A friend pointed me to an interesting article in Newsweek about ex-Mormons.
I thought I’d share my initial reaction.
The article speaks of an organized community of ex-Mormons who actively “recruit” people away from the LDS church with such things as pass-along cards and billboards. I know a few people who do things like that, and Jeff Ricks is a good friend of mine, so I’m well aware of what he does. I’ve never been part of that active effort, but I will say that I don’t think Jeff and people like him are trying to pull people out of the LDS church so much as letting them know, as Jeff’s billboards put it, they “are not alone.”
This is, I think, the important thing to take from that article: as Mormons we lived a highly scripted (for want of a better word) life within a defined context and community. After leaving the church, I realized just how much my life had been built around the church: all day Sunday, seminary, YM/YW, Scouts, cleaning the chapel, firesides, conferences, temple attendance, scripture study, and so on. Leaving the church necessarily creates a huge void in a person’s life, so these support groups are helpful in that, as the therapist in the article mentions, they “parallel the church in the sense that they meet every day … so they can transition out of one community and into another.”
That’s the key for me. Whether I’ve wanted to admit it or not, I had that big void in my life, and I filled it by becoming part of the ex-Mormon community. And I thank God they were there to understand and support me when I needed it. I’ve met some of the greatest people I know in that community, and as different as they are, the one thing they have in common is integrity. I have never met a group of people with as much integrity in my life. I think their integrity is part of what led them to leave the LDS church in the first place: they couldn’t just go along to get along or pretend or quietly sit in the pews. They did what they thought was right.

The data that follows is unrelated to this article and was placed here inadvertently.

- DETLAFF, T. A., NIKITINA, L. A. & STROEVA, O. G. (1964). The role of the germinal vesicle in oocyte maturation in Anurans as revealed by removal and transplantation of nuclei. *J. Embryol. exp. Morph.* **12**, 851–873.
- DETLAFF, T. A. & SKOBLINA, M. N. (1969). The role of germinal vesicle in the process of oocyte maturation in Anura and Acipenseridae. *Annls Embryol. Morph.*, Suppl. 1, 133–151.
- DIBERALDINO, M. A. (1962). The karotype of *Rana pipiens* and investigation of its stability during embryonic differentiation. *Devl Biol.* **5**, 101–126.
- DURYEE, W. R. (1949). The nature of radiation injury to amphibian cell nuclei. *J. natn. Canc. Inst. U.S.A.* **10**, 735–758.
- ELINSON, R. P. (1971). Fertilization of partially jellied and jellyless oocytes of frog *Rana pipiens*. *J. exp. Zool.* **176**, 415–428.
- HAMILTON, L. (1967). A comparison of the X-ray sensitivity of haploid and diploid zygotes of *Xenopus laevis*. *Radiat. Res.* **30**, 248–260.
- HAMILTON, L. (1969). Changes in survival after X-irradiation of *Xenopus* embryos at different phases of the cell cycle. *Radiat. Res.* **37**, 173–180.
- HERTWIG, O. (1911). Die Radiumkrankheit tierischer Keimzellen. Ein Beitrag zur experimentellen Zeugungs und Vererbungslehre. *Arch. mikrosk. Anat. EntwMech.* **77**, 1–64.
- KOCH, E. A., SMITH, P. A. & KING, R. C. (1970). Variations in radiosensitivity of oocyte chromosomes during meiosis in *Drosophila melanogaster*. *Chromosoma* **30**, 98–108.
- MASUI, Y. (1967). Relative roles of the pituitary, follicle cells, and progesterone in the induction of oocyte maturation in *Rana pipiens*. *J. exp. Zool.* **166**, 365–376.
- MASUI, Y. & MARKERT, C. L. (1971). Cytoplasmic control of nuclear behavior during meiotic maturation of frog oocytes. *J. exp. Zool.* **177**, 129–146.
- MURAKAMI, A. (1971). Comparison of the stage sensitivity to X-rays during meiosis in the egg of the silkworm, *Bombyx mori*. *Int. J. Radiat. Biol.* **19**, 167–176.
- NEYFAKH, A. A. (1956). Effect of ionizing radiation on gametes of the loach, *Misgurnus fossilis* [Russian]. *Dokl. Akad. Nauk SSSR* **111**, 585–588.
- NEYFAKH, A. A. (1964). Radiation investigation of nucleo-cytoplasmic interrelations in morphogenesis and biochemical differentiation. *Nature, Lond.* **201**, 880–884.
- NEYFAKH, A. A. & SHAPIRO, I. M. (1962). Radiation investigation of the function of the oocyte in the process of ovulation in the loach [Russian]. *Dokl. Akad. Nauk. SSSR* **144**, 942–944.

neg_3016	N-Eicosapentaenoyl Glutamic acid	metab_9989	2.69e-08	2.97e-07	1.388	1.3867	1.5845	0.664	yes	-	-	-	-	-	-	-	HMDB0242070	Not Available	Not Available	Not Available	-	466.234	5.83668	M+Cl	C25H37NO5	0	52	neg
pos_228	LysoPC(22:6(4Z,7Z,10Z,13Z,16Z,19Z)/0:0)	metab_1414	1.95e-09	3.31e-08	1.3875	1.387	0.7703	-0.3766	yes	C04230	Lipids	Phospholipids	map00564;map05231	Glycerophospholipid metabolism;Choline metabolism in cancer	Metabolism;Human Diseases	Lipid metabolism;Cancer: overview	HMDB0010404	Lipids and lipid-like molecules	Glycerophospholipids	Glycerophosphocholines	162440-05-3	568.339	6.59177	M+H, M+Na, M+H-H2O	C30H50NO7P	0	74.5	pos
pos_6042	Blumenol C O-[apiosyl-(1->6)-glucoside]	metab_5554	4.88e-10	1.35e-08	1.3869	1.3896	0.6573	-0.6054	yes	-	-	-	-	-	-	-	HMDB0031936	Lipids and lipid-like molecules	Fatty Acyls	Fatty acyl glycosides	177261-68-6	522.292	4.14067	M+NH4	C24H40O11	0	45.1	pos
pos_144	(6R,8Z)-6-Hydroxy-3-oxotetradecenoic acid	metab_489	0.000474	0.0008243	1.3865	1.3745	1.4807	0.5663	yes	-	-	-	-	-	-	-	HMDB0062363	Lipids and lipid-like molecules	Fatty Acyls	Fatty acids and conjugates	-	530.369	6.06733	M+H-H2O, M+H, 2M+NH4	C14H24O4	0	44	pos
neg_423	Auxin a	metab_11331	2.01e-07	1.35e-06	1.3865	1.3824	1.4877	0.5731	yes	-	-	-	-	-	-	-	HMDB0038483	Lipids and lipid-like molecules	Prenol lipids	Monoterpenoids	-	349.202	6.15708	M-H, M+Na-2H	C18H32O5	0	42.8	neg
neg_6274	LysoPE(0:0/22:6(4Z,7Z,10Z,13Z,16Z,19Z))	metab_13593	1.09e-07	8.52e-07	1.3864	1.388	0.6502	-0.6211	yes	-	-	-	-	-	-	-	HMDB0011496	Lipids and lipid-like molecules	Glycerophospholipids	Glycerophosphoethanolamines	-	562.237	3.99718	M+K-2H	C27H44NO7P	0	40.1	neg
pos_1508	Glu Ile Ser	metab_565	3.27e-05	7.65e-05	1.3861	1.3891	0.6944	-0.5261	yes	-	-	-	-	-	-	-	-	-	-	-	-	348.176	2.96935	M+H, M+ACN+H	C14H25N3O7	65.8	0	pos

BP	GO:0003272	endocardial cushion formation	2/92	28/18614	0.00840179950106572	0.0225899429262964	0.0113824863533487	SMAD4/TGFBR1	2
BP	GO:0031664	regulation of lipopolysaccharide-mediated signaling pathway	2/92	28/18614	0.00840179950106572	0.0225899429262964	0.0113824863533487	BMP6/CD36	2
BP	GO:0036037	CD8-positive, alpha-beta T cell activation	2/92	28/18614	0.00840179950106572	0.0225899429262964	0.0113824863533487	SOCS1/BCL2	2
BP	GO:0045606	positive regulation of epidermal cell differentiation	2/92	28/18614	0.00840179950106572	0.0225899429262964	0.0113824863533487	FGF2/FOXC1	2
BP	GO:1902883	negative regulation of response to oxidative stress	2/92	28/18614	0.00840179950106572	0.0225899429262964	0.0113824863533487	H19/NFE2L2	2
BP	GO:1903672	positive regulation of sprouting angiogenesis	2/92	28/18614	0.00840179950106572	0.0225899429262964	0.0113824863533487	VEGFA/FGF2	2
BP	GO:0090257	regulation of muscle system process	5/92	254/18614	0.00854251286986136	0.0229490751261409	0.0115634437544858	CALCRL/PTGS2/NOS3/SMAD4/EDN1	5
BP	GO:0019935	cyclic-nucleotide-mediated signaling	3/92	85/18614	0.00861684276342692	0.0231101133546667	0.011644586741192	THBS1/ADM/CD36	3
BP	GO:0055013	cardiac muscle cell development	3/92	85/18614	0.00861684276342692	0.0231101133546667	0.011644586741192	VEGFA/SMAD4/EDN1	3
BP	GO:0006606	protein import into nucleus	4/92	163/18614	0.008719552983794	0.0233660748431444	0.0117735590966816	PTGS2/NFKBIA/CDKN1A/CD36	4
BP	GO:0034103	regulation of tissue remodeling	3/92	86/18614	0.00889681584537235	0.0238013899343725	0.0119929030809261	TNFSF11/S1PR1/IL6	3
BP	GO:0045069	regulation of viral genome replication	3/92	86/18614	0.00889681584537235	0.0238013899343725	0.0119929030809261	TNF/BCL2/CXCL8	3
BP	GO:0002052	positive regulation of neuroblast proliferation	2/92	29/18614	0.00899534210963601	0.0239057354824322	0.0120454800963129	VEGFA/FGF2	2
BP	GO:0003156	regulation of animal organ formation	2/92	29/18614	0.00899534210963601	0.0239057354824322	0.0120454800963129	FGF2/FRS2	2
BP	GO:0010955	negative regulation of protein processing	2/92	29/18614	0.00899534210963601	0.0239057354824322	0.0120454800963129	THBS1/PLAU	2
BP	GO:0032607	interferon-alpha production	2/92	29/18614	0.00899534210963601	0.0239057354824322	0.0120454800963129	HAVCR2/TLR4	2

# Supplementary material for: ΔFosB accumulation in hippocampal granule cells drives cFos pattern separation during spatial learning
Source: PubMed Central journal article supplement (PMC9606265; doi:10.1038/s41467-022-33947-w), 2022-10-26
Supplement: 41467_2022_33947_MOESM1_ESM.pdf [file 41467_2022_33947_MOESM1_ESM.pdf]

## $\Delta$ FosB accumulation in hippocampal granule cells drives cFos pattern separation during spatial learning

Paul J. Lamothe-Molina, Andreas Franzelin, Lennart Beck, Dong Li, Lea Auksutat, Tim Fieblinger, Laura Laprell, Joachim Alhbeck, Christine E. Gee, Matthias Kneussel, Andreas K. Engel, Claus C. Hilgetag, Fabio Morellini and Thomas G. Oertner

I laughed at the meetings devoted to learning how to drink alcohol or purchase underwear, but these silly things illustrate just how jarring the experience is and how much of your life you have to figure out, even to the level of what kind of underwear you’re going to wear (boxer-briefs, in case you were wondering).
I’ll always be part of that community, I suppose, simply because I share a common experience with that community, and of course, I have many friends who are active in that community. But I’m never going to be an active participant or organizer or leader because I just don’t care that much anymore. I don’t define myself by the label of “ex-Mormon,” though I may have at one time. Two summers ago I participated in a Sunstone panel about ex-Mormons, along with Jeff Ricks, Carol Hamer, and a couple of other people. It became apparent to me quickly that, for Carol and me, Mormonism no longer generated the emotion or passion that it did in the others. Carol still writes about her Mormon experience, though she’s been out far longer than I have. So, like I hope I am, she’s part of our community but not defined by it.
The other day someone asked me why I have never finished my sarcastic “Concise Dictionary of Mormonism,” and I realized that I wrote those posts during a time when the LDS church was causing a lot of tension in my home, and when I’m annoyed or angry, I tend to react with extremely sarcastic humor. I got to the letter “N” and then stopped. Why? Because the stress had passed, so the motivation passed. Sometimes I think I’ll just finish it off just for some closure, but it’s a good metaphor for my existence after the church. I just don’t have the passion to be angry or hurt or sarcastic anymore. The most I can do these days is to write about specific things that interest me.
I’m glad people like Jeff Ricks are out there to help people who are struggling. Me, I’ll just write what I think, no matter how many people tell me to shut up.